“My first thought was, ‘Who would be crazy enough to attempt to do a movie like this of this scale and scope?’ Pearl Harbor hasn’t been attempted since ‘Tora! Tora! Tora!’, which was, what, 30 years ago. I said, ‘The battleships don’t exist anymore. There’s only one original Flying Zero left in the world. But, you know what, I’ll entertain it.’ Actually, Jerry Bruckheimer was interested in this idea, as well, (and so was) Randall Wallace, the writer of ‘Braveheart.’ Basically, they gave us a lot of reading material for Pearl Harbor. We came together about a week later totally fascinated with the idea. But my challenge was to see if I could even recreate this. So I got on a plane and flew to Ford Island, where most of the attack happened at Pearl Harbor. I was surprised to see that the base was basically left intact. The bullet holes are still left in the ground from the Zeroes when they were strafing. They leave all the bullet holes in the walls as a reminder. It’s a very hallowed ground to the American military. And the bases are some of the prettiest I’ve ever seen. It just had a great period feel.”

Looking at it first hand, Bay realized he could make it work as a movie: “It then came down to, ‘Digitally, what could we create?’ Through investigation I found a World War II aircraft carrier that I needed for the movie as well as an Arizona class battleship that was in Texas. It’s in Houston and is called the U.S.S. Texas. From there I started to have meetings at ILM (Industrial Light and Magic) to see what we can use real and what we can create digitally. It would only work if it was dead real. From there they showed me ‘Saving Private Ryan.’ There are about 85 effects shots in the movie and they showed me how they recreated the battle and they did it so realistic. But what I was asking for was a much bigger scope of a movie because this is, basically, an air (and) battleship war where the fleet is sinking right in front of your eyes. They proved to me that they could digitally recreate some of this stuff. The technology has advanced each year so much more than like what you had in ‘Titanic’ (in 1997). The water’s gotten better. Digitally, you’re able to build a portion of the ship and extend the rest out.”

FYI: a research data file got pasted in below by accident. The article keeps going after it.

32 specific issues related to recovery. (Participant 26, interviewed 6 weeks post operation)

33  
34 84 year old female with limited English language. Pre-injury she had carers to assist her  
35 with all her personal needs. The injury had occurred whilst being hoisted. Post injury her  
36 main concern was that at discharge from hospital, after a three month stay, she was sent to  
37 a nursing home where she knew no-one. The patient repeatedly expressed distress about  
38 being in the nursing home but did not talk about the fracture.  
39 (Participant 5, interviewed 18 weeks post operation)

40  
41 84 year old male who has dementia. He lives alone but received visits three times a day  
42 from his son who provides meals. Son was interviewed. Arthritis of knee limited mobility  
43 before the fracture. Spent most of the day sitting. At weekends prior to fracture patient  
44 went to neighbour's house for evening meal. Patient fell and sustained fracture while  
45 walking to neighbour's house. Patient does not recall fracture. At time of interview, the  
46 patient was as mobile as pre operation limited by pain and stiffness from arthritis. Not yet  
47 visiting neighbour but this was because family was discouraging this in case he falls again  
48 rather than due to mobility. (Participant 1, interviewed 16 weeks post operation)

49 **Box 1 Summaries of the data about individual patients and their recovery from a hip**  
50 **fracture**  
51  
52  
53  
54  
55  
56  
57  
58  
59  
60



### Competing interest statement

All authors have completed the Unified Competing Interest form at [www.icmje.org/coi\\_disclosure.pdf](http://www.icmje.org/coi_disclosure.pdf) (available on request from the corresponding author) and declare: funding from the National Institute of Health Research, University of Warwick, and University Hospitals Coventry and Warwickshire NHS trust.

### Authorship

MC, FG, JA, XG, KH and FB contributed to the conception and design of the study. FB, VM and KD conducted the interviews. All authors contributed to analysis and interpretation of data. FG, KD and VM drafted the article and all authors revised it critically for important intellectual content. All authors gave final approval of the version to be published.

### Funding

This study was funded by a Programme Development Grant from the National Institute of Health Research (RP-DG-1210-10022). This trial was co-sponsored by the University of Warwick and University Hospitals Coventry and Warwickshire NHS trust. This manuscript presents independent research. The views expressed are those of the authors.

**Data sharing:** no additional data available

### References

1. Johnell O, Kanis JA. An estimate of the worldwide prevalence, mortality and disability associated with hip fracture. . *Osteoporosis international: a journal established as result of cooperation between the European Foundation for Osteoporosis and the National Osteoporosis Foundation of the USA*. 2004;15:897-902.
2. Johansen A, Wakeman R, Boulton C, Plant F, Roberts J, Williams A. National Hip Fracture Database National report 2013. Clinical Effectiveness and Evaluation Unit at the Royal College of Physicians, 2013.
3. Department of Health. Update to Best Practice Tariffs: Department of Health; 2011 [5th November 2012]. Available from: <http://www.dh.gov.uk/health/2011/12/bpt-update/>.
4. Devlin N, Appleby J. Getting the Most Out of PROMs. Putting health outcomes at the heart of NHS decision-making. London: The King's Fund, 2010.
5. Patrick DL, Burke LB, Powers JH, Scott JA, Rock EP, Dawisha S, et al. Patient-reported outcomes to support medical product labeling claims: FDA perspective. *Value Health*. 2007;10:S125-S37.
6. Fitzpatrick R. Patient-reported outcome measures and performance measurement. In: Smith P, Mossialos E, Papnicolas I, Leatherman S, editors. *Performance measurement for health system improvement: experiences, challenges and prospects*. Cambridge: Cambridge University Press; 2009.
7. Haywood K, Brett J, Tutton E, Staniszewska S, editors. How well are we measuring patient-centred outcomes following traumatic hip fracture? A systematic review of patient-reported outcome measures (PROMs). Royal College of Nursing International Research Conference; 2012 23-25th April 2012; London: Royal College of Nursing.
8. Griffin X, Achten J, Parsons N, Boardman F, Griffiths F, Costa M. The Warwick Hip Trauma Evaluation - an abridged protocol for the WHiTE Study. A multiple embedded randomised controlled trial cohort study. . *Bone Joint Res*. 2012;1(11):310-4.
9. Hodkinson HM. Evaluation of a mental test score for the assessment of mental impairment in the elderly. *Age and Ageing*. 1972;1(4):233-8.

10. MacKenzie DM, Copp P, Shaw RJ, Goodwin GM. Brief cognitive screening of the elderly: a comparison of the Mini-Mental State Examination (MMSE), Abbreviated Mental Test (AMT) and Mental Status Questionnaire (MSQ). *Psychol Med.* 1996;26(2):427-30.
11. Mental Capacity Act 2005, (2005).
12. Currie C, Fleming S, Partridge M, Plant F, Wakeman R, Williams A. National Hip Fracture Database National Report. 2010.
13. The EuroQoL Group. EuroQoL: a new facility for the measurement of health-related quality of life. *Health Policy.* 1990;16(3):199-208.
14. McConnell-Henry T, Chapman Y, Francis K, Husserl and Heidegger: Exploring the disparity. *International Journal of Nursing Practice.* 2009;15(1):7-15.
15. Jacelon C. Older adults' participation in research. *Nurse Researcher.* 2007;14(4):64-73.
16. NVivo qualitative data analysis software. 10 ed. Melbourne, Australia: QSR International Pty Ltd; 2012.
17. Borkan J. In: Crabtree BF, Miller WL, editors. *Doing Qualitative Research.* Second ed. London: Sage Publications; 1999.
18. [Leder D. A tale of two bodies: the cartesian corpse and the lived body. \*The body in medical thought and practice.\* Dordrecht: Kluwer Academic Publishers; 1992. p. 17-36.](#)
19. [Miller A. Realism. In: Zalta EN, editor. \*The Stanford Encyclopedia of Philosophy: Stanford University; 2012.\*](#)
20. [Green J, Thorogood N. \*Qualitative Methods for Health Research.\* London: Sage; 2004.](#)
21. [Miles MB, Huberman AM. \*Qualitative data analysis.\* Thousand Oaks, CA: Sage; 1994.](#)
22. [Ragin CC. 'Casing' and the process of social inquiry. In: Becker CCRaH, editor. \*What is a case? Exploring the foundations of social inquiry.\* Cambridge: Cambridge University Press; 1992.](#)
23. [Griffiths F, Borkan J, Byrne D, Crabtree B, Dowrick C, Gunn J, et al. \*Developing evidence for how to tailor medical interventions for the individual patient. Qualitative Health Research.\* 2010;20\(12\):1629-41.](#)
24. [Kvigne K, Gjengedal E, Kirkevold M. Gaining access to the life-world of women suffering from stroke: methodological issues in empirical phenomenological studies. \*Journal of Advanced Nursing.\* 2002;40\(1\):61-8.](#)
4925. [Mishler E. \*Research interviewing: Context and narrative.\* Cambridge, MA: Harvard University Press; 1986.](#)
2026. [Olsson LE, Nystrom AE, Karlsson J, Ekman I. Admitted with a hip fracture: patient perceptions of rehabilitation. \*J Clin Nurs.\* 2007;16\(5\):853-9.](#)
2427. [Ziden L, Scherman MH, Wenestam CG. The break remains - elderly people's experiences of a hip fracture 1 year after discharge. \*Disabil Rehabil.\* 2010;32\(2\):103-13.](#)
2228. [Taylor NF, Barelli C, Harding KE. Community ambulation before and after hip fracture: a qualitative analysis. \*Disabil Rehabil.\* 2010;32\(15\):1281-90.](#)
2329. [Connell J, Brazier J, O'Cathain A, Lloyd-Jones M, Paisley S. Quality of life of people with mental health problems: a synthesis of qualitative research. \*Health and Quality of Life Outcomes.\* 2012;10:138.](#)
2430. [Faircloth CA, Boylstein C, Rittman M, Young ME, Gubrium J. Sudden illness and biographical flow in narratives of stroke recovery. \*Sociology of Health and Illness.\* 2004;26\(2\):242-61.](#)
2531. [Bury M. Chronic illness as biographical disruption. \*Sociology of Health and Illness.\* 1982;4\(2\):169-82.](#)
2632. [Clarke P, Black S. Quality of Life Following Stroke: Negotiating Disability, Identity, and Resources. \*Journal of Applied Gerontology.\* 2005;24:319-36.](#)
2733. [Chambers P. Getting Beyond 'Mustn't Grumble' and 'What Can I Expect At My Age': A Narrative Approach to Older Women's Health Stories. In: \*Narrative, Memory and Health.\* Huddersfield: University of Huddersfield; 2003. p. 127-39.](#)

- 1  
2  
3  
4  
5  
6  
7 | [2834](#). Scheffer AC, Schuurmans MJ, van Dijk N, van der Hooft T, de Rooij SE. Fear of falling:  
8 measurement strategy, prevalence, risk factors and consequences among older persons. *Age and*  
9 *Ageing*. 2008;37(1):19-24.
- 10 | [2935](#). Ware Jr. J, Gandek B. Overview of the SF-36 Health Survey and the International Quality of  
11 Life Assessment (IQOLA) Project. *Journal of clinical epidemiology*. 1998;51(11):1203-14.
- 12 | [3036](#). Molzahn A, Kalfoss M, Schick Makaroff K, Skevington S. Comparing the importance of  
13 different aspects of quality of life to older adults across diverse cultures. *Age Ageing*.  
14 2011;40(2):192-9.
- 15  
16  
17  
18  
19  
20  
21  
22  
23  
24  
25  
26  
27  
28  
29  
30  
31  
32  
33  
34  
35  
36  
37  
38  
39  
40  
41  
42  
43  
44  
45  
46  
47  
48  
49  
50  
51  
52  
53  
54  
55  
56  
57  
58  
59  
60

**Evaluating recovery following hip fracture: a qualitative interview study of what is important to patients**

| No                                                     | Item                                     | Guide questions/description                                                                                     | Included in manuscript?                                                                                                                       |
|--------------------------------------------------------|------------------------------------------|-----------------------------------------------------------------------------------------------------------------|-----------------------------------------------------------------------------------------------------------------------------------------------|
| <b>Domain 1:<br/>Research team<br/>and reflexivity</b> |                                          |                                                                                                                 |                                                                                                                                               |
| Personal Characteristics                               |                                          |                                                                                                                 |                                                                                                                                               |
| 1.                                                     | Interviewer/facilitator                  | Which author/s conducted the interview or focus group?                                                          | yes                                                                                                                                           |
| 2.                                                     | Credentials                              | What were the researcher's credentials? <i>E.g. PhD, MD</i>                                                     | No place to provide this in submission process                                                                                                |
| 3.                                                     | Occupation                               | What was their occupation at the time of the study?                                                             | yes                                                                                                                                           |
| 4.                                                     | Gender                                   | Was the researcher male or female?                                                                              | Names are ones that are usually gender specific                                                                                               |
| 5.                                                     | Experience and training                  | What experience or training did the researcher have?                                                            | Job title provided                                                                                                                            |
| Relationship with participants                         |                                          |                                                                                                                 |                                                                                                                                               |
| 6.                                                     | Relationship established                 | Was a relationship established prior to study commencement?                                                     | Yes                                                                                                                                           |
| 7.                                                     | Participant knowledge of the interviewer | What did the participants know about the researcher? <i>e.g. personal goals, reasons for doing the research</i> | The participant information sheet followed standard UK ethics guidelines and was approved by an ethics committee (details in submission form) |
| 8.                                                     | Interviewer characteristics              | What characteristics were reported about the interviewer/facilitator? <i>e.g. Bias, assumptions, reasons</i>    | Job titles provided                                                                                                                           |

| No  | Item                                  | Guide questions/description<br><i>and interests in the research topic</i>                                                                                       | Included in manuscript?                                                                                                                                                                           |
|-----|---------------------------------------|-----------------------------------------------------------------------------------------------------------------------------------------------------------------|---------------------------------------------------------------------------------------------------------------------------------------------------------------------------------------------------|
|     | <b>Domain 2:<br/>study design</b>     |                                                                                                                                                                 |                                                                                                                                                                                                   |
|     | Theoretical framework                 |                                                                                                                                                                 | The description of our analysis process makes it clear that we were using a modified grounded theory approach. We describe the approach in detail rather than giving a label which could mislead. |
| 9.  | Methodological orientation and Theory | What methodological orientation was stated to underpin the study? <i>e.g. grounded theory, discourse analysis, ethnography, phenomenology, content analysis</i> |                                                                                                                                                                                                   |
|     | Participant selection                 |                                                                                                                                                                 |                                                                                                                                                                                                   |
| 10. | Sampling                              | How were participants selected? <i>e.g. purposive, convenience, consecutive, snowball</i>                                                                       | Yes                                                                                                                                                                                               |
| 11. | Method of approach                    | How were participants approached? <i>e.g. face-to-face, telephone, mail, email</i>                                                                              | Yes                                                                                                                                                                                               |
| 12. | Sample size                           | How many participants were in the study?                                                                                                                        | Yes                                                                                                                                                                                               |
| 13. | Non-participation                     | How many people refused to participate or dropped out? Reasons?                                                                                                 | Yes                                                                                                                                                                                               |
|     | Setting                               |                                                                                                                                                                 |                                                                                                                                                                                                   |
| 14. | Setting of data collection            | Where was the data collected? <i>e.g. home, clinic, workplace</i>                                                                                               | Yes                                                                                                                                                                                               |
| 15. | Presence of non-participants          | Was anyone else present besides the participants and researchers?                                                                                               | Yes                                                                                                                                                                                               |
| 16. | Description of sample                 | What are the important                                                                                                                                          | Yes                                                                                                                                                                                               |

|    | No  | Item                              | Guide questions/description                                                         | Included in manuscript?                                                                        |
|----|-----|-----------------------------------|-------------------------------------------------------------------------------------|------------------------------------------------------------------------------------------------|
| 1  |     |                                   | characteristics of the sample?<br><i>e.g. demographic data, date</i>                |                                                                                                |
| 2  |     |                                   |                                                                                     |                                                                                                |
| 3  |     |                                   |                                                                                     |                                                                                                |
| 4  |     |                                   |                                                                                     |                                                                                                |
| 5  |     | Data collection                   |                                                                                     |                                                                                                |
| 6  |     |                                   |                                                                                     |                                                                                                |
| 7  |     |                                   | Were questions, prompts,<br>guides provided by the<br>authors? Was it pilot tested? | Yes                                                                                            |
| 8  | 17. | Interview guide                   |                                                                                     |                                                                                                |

I mentioned to Bay that when Wolfgang Petersen was my guest for a similar interview on AMC and we were talking about how he filmed “The Perfect Storm,” Petersen explained that by using computer models of the fishing boat he was able to test out using 50 foot waves versus, say, 60 or 70 foot waves. “We did a lot of simulations,” Bay noted. “I have a feeling that subconsciously everyone knows how planes fly. When you see a digital plane you realize something’s wrong with it. You don’t know what, but something in your mind’s telling you it’s not right. So what we did is we photographed real World War II planes. We actually found a real Zero, the only flying Zero in the world, that we shot.

“When we were making peace with Japan, part of the treaty was that we were able to destroy all their Zeroes, all their planes. We actually made Japan destroy all the documents to rebuild one of these. I found some plane nuts, these guys who collect these planes, at the Museum of Flying in Santa Monica. These are very industrious guys that have actually found a couple of Zeroes that were sunk under the water. They raised them and they rebuilt these things in Russia by getting these ancient Japanese plans in an ancient Japanese language. There were only eight people who can transcribe this. These plans were done in this ancient Japanese language for secrecy. So they had to be transcribed into English and then into Russian and then these planes were rebuilt in Russia.”